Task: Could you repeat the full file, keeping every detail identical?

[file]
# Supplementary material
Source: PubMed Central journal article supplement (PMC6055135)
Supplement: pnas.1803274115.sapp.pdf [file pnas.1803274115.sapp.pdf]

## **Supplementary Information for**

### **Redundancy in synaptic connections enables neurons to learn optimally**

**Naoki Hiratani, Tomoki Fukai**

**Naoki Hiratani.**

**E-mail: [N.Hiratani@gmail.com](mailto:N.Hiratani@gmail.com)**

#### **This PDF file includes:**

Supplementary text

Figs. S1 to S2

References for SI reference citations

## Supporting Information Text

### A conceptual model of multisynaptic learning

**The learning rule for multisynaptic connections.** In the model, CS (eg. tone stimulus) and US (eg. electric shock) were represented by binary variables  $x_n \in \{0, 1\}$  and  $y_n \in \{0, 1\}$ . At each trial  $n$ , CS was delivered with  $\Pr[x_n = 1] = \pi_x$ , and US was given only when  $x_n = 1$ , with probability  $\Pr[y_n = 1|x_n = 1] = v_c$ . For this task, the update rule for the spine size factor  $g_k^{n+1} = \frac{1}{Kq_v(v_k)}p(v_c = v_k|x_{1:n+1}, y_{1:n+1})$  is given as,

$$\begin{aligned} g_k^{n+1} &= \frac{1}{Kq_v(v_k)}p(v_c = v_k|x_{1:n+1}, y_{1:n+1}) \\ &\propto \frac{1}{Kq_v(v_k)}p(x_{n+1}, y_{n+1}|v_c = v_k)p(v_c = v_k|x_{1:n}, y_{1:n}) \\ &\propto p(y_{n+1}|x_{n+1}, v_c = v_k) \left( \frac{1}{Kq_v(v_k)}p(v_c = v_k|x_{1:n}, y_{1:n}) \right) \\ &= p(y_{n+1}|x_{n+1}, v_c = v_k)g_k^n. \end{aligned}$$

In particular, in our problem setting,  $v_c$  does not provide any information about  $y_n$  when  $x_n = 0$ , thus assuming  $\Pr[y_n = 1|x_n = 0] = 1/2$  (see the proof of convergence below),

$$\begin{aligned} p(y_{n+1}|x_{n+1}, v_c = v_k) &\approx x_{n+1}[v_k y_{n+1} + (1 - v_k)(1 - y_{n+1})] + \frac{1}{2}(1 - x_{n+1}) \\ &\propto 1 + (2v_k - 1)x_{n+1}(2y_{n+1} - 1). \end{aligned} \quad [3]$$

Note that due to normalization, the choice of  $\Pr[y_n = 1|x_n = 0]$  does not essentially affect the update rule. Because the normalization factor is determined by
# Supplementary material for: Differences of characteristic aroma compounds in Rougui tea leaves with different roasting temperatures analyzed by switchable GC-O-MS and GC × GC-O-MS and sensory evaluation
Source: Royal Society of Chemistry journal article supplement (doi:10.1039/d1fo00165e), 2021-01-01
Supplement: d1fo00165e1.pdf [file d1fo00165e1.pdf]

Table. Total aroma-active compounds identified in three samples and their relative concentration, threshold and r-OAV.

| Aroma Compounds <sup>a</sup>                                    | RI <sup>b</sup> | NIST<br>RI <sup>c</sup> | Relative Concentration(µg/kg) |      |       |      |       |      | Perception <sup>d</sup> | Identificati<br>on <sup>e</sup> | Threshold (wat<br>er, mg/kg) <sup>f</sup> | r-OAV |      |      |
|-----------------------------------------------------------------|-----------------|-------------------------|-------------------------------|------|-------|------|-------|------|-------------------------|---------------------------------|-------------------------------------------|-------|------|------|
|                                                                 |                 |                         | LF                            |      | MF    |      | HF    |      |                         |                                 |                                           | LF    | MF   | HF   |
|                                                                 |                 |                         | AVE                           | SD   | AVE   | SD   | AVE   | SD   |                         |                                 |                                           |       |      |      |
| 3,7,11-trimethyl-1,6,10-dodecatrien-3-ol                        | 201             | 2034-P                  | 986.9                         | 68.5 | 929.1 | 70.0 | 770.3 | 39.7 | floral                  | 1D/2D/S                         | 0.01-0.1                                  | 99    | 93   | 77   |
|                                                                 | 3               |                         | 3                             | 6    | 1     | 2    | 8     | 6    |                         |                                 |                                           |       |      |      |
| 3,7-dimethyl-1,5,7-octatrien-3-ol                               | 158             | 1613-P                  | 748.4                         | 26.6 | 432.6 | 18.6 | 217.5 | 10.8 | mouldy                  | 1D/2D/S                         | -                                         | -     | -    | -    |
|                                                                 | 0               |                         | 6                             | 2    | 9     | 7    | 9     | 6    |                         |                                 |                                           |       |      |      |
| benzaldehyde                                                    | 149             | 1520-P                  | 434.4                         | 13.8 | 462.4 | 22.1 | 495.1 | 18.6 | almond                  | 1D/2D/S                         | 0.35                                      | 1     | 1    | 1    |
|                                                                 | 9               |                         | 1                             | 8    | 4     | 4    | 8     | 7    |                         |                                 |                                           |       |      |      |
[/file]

# Supplementary material
Source: PubMed Central journal article supplement (PMC6055135)
Supplement: pnas.1803274115.sapp.pdf [file pnas.1803274115.sapp.pdf]

## **Supplementary Information for**

### **Redundancy in synaptic connections enables neurons to learn optimally**

**Naoki Hiratani, Tomoki Fukai**

**Naoki Hiratani.**

**E-mail: [N.Hiratani@gmail.com](mailto:N.Hiratani@gmail.com)**

#### **This PDF file includes:**

Supplementary text

Figs. S1 to S2

References for SI reference citations

## Supporting Information Text

### A conceptual model of multisynaptic learning

**The learning rule for multisynaptic connections.** In the model, CS (eg. tone stimulus) and US (eg. electric shock) were represented by binary variables  $x_n \in \{0, 1\}$  and  $y_n \in \{0, 1\}$ . At each trial  $n$ , CS was delivered with  $\Pr[x_n = 1] = \pi_x$ , and US was given only when  $x_n = 1$ , with probability  $\Pr[y_n = 1|x_n = 1] = v_c$ . For this task, the update rule for the spine size factor  $g_k^{n+1} = \frac{1}{Kq_v(v_k)}p(v_c = v_k|x_{1:n+1}, y_{1:n+1})$  is given as,

$$\begin{aligned} g_k^{n+1} &= \frac{1}{Kq_v(v_k)}p(v_c = v_k|x_{1:n+1}, y_{1:n+1}) \\ &\propto \frac{1}{Kq_v(v_k)}p(x_{n+1}, y_{n+1}|v_c = v_k)p(v_c = v_k|x_{1:n}, y_{1:n}) \\ &\propto p(y_{n+1}|x_{n+1}, v_c = v_k) \left( \frac{1}{Kq_v(v_k)}p(v_c = v_k|x_{1:n}, y_{1:n}) \right) \\ &= p(y_{n+1}|x_{n+1}, v_c = v_k)g_k^n. \end{aligned}$$

In particular, in our problem setting,  $v_c$  does not provide any information about  $y_n$  when  $x_n = 0$ , thus assuming  $\Pr[y_n = 1|x_n = 0] = 1/2$  (see the proof of convergence below),

$$\begin{aligned} p(y_{n+1}|x_{n+1}, v_c = v_k) &\approx x_{n+1}[v_k y_{n+1} + (1 - v_k)(1 - y_{n+1})] + \frac{1}{2}(1 - x_{n+1}) \\ &\propto 1 + (2v_k - 1)x_{n+1}(2y_{n+1} - 1). \end{aligned} \quad [3]$$

Note that due to normalization, the choice of  $\Pr[y_n = 1|x_n = 0]$  does not essentially affect the update rule. Because the normalization factor is determined by
# Supplementary material for: Differences of characteristic aroma compounds in Rougui tea leaves with different roasting temperatures analyzed by switchable GC-O-MS and GC × GC-O-MS and sensory evaluation
Source: Royal Society of Chemistry journal article supplement (doi:10.1039/d1fo00165e), 2021-01-01
Supplement: d1fo00165e1.pdf [file d1fo00165e1.pdf]

Table. Total aroma-active compounds identified in three samples and their relative concentration, threshold and r-OAV.

| Aroma Compounds <sup>a</sup>                                    | RI <sup>b</sup> | NIST<br>RI <sup>c</sup> | Relative Concentration(µg/kg) |      |       |      |       |      | Perception <sup>d</sup> | Identificati<br>on <sup>e</sup> | Threshold (wat<br>er, mg/kg) <sup>f</sup> | r-OAV |      |      |
|-----------------------------------------------------------------|-----------------|-------------------------|-------------------------------|------|-------|------|-------|------|-------------------------|---------------------------------|-------------------------------------------|-------|------|------|
|                                                                 |                 |                         | LF                            |      | MF    |      | HF    |      |                         |                                 |                                           | LF    | MF   | HF   |
|                                                                 |                 |                         | AVE                           | SD   | AVE   | SD   | AVE   | SD   |                         |                                 |                                           |       |      |      |
| 3,7,11-trimethyl-1,6,10-dodecatrien-3-ol                        | 201             | 2034-P                  | 986.9                         | 68.5 | 929.1 | 70.0 | 770.3 | 39.7 | floral                  | 1D/2D/S                         | 0.01-0.1                                  | 99    | 93   | 77   |
|                                                                 | 3               |                         | 3                             | 6    | 1     | 2    | 8     | 6    |                         |                                 |                                           |       |      |      |
| 3,7-dimethyl-1,5,7-octatrien-3-ol                               | 158             | 1613-P                  | 748.4                         | 26.6 | 432.6 | 18.6 | 217.5 | 10.8 | mouldy                  | 1D/2D/S                         | -                                         | -     | -    | -    |
|                                                                 | 0               |                         | 6                             | 2    | 9     | 7    | 9     | 6    |                         |                                 |                                           |       |      |      |
| benzaldehyde                                                    | 149             | 1520-P                  | 434.4                         | 13.8 | 462.4 | 22.1 | 495.1 | 18.6 | almond                  | 1D/2D/S                         | 0.35                                      | 1     | 1    | 1    |
|                                                                 | 9               |                         | 1                             | 8    | 4     | 4    | 8     | 7    |                         |                                 |                                           |       |      |      |